The United States District Court for the Eastern District of Pennsylvania recently issued an opinion holding that a contractual dispute between a health plan sponsor and the insurance carrier that it contracted with to provide health benefits to its employees was subject to ERISA preemption. See Shore v. Independence Blue Cross, Case No. 16-5224, 2016 U.S. Dist. LEXIS 160585 (E.D. Pa. November 18, 2016). A copy of the opinion may be downloaded here.
The Shore plaintiff is a law firm that sponsored a group health plan (“the Plan”) for the benefit of its employees. As such, the Plan is governed by ERISA. Plaintiff entered into a contractual relationship with Independence Blue Cross (“IBC”) to serve as the Plan’s insurer and claim fiduciary. Plaintiff contended that IBC violated their contract by accidentally denying coverage for some claims that it was obligated to pay per the terms of the Plan. IBC subsequently offered in writing to freeze Plaintiff’s premium rates for 16 months as compensation for its prior mistake. Plaintiff accepted Defendant’s rate freeze offer. IBC later advised Plaintiff that it would not honor the premium freeze agreement because it had a mistake.
Plaintiff sued IBC in state court for common law fraud, breach of contract, statutory bad faith, promissory estoppel, breach of fiduciary duty, and violation of the Pennsylvania Unfair Trade Practices and Consumer Protection Law. IBC responded by removing the action to federal court and moving to dismiss it by claiming that ERISA preempted Plaintiff’s state law claims. Plaintiff then moved to remand the action to the Court of Common Pleas.
The Court held that ERISA completely preempted Plaintiff’s state law claims. It stated:
A claim is preempted where (1) it could have been brought under ERISA’s Section 502(a) (see 29 U.S.C. § 1132), and (2) it alleges breach of a legal duty that is not independent of the ERISA plan. Pascack Valley Hosp. v. Local 464A UFCW Welfare Reimbursement Plan, 388 F.3d 393, 398 (3d Cir. 2004), as amended (Dec. 23, 2004). Applying this test, I find that the rate freeze agreement at issue here cannot be evaluated without an understanding of the underlying plan. Furthermore, because Plaintiff’s claims could have been brought under ERISA, and because they rest on a legal duty dependent upon the existence of an ERISA plan, they are necessarily preempted by federal law.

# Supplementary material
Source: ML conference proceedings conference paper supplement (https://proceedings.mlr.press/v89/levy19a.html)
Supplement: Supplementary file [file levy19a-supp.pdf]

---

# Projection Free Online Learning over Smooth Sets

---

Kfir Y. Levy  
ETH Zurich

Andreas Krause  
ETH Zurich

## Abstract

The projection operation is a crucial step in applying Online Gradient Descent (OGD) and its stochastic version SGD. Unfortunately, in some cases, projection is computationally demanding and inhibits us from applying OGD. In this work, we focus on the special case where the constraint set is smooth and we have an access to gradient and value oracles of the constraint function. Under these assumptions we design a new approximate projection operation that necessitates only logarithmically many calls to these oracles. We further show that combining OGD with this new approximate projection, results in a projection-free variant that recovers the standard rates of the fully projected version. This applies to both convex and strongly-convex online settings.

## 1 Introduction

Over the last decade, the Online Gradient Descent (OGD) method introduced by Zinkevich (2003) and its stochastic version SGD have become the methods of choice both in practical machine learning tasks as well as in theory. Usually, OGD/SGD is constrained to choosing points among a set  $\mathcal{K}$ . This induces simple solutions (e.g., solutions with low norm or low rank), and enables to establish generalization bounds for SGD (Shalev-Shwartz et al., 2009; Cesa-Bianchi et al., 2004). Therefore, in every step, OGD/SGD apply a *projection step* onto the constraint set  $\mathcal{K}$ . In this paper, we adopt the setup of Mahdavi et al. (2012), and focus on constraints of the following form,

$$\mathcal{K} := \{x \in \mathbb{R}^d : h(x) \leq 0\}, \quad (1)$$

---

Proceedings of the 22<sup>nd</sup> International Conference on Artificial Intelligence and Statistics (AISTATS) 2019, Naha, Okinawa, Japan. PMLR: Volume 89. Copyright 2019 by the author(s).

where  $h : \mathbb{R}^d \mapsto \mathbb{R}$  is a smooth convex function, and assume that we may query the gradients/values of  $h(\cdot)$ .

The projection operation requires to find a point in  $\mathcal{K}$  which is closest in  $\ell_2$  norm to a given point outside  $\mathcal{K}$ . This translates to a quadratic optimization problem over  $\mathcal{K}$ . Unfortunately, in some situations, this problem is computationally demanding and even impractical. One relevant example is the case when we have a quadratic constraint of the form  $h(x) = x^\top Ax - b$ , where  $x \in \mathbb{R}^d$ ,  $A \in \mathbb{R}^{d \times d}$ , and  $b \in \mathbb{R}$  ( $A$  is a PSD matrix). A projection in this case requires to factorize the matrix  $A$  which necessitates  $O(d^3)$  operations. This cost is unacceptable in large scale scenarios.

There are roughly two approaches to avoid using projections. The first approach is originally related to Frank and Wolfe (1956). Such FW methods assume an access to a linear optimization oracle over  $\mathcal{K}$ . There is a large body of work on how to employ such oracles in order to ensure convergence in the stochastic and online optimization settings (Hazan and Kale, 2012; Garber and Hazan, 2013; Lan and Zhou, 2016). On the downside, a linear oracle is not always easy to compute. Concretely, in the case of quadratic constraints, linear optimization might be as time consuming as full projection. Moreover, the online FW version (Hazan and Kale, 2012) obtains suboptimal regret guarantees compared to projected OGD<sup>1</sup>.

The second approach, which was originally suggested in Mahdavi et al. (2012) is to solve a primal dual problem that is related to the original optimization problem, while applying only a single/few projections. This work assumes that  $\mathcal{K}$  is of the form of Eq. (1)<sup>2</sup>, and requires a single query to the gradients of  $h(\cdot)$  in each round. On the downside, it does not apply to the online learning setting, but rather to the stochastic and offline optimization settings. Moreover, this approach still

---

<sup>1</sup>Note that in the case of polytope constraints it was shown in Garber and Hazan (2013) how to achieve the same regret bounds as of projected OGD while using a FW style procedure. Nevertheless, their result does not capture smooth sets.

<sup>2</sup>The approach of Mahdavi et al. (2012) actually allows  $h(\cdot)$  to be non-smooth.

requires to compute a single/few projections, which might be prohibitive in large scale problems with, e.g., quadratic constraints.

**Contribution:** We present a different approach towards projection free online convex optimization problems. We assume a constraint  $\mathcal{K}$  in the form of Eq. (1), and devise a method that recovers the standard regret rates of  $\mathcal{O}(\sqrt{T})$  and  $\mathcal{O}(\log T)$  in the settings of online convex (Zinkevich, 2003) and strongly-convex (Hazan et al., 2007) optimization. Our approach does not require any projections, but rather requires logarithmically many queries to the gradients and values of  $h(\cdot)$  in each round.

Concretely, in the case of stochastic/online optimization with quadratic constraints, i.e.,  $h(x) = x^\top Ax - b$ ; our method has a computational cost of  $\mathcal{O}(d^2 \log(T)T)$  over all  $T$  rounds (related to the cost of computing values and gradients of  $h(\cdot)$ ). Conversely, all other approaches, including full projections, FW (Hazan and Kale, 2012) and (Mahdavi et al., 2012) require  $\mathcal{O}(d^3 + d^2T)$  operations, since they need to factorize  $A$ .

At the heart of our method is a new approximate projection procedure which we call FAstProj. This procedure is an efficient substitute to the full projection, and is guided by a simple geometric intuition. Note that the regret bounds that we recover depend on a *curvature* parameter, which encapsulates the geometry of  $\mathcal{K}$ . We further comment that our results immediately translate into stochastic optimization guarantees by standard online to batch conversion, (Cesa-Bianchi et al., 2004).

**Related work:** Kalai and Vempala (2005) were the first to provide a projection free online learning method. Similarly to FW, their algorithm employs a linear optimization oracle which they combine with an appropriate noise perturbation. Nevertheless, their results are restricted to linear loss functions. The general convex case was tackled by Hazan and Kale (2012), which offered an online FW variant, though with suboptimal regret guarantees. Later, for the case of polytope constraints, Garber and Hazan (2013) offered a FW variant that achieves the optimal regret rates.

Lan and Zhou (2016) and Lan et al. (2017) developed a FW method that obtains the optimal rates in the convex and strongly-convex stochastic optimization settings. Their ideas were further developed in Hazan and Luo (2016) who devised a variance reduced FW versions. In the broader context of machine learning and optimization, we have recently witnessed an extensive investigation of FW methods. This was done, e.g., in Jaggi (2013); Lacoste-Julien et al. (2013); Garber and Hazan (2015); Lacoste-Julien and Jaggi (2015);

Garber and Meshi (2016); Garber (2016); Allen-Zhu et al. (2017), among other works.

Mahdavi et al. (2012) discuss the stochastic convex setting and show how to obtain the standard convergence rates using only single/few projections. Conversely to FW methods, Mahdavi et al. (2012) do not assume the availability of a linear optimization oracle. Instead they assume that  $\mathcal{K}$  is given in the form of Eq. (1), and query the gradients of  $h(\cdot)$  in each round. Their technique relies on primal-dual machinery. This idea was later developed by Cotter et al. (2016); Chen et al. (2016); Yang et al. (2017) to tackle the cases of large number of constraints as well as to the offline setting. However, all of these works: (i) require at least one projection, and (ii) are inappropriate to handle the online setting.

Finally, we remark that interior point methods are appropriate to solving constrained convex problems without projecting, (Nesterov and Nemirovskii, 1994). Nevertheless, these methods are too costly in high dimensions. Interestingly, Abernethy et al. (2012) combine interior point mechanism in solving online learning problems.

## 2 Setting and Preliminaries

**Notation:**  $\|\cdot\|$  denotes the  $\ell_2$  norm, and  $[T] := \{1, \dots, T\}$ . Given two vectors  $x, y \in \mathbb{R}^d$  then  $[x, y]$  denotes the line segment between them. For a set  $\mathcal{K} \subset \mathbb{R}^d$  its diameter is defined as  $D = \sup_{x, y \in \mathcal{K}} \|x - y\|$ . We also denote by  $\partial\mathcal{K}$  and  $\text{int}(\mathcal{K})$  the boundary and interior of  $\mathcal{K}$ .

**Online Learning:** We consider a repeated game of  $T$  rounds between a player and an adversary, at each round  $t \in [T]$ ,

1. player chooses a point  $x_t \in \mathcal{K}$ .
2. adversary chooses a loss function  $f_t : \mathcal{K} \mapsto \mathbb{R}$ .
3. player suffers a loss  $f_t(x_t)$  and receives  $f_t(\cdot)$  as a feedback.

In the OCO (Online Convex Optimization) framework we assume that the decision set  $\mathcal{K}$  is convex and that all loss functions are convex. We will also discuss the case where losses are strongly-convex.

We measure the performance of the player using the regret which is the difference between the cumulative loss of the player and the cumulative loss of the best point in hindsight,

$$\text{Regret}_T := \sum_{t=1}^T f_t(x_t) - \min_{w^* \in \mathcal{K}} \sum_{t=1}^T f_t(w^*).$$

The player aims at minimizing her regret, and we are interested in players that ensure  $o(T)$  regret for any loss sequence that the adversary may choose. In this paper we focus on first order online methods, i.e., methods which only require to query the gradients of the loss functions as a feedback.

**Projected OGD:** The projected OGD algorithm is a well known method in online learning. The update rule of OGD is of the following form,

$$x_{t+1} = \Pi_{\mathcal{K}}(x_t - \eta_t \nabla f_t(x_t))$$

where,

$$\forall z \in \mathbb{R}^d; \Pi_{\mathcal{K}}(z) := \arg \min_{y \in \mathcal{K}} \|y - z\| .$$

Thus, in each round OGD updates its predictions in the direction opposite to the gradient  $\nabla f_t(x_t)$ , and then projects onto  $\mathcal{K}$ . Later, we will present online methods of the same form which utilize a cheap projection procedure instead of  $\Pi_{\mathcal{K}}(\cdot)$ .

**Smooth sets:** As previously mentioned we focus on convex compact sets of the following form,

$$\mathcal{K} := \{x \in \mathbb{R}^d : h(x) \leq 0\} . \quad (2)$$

Shore, 2016 U.S. Dist. LEXIS at 4. The Court reasoned that Plaintiff was suing to enforce a “plan benefit” – the rate freeze – and, thus, the claim could have been brought under ERISA Section 502(a)(3), 29 U.S.C. 1132(a)(3). Plaintiff’s claims were not independent of the existence of an ERISA plan because they were dependent upon the existence of the Plan. Thus, the motion to remand the matter to state court was denied, some of Plaintiff’s state law claims were dismissed outright, and several other claims were reformed as claims for equitable relief under ERISA Section 502(a)(3). Plaintiff was also granted leave to amend its complaint to further conform its claims to ERISA.